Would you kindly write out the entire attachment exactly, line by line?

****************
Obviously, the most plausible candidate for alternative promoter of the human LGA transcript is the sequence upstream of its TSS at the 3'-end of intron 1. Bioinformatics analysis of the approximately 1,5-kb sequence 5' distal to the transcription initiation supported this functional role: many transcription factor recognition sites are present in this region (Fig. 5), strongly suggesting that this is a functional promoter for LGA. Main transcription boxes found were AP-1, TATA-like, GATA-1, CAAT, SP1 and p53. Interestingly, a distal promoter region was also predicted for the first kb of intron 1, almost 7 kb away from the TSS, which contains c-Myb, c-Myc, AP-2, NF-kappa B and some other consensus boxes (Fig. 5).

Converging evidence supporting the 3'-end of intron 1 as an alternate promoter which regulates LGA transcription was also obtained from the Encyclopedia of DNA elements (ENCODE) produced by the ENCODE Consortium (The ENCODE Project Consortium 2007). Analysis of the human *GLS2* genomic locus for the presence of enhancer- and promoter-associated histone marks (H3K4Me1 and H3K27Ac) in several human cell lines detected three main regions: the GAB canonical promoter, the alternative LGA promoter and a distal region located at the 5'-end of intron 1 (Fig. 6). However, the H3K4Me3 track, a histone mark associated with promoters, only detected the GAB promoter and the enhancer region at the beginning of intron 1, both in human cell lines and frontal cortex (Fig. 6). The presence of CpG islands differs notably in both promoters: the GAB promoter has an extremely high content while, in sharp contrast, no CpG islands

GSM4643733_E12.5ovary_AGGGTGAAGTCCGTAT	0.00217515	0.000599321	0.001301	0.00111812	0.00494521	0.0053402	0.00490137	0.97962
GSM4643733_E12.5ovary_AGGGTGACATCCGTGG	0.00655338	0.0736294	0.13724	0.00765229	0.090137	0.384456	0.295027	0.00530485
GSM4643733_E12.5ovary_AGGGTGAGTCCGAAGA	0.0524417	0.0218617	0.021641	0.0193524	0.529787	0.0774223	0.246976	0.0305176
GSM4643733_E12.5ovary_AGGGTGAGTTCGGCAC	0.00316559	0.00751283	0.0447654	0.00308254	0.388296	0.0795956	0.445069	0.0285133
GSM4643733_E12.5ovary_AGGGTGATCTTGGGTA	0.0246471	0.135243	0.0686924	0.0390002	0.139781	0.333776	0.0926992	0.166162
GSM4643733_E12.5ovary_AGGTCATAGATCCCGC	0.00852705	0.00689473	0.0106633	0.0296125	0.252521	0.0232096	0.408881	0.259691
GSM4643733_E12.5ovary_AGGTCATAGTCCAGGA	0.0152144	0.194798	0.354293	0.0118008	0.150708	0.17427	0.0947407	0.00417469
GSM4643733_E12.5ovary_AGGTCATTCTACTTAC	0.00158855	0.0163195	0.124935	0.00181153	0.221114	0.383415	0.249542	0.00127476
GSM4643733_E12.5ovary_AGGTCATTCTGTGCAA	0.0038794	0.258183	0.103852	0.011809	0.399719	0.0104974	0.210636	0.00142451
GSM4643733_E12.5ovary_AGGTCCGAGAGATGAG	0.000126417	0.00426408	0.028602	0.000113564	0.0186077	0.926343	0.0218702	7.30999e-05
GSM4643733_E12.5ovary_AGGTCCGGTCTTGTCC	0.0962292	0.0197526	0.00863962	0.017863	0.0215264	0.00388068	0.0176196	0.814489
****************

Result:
Obviously, the most plausible candidate for alternative promoter of the human LGA transcript is the sequence upstream of its TSS at the 3'-end of intron 1. Bioinformatics analysis of the approximately 1,5-kb sequence 5' distal to the transcription initiation supported this functional role: many transcription factor recognition sites are present in this region (Fig. 5), strongly suggesting that this is a functional promoter for LGA. Main transcription boxes found were AP-1, TATA-like, GATA-1, CAAT, SP1 and p53. Interestingly, a distal promoter region was also predicted for the first kb of intron 1, almost 7 kb away from the TSS, which contains c-Myb, c-Myc, AP-2, NF-kappa B and some other consensus boxes (Fig. 5).

Converging evidence supporting the 3'-end of intron 1 as an alternate promoter which regulates LGA transcription was also obtained from the Encyclopedia of DNA elements (ENCODE) produced by the ENCODE Consortium (The ENCODE Project Consortium 2007). Analysis of the human *GLS2* genomic locus for the presence of enhancer- and promoter-associated histone marks (H3K4Me1 and H3K27Ac) in several human cell lines detected three main regions: the GAB canonical promoter, the alternative LGA promoter and a distal region located at the 5'-end of intron 1 (Fig. 6). However, the H3K4Me3 track, a histone mark associated with promoters, only detected the GAB promoter and the enhancer region at the beginning of intron 1, both in human cell lines and frontal cortex (Fig. 6). The presence of CpG islands differs notably in both promoters: the GAB promoter has an extremely high content while, in sharp contrast, no CpG islands

GSM4643733_E12.5ovary_AGGGTGAAGTCCGTAT	0.00217515	0.000599321	0.001301	0.00111812	0.00494521	0.0053402	0.00490137	0.97962
GSM4643733_E12.5ovary_AGGGTGACATCCGTGG	0.00655338	0.0736294	0.13724	0.00765229	0.090137	0.384456	0.295027	0.00530485
GSM4643733_E12.5ovary_AGGGTGAGTCCGAAGA	0.0524417	0.0218617	0.021641	0.0193524	0.529787	0.0774223	0.246976	0.0305176
GSM4643733_E12.5ovary_AGGGTGAGTTCGGCAC	0.00316559	0.00751283	0.0447654	0.00308254	0.388296	0.0795956	0.445069	0.0285133
GSM4643733_E12.5ovary_AGGGTGATCTTGGGTA	0.0246471	0.135243	0.0686924	0.0390002	0.139781	0.333776	0.0926992	0.166162
GSM4643733_E12.5ovary_AGGTCATAGATCCCGC	0.00852705	0.00689473	0.0106633	0.0296125	0.252521	0.0232096	0.408881	0.259691
GSM4643733_E12.5ovary_AGGTCATAGTCCAGGA	0.0152144	0.194798	0.354293	0.0118008	0.150708	0.17427	0.0947407	0.00417469
GSM4643733_E12.5ovary_AGGTCATTCTACTTAC	0.00158855	0.0163195	0.124935	0.00181153	0.221114	0.383415	0.249542	0.00127476
GSM4643733_E12.5ovary_AGGTCATTCTGTGCAA	0.0038794	0.258183	0.103852	0.011809	0.399719	0.0104974	0.210636	0.00142451
GSM4643733_E12.5ovary_AGGTCCGAGAGATGAG	0.000126417	0.00426408	0.028602	0.000113564	0.0186077	0.926343	0.0218702	7.30999e-05
GSM4643733_E12.5ovary_AGGTCCGGTCTTGTCC	0.0962292	0.0197526	0.00863962	0.017863	0.0215264	0.00388068	0.0176196	0.814489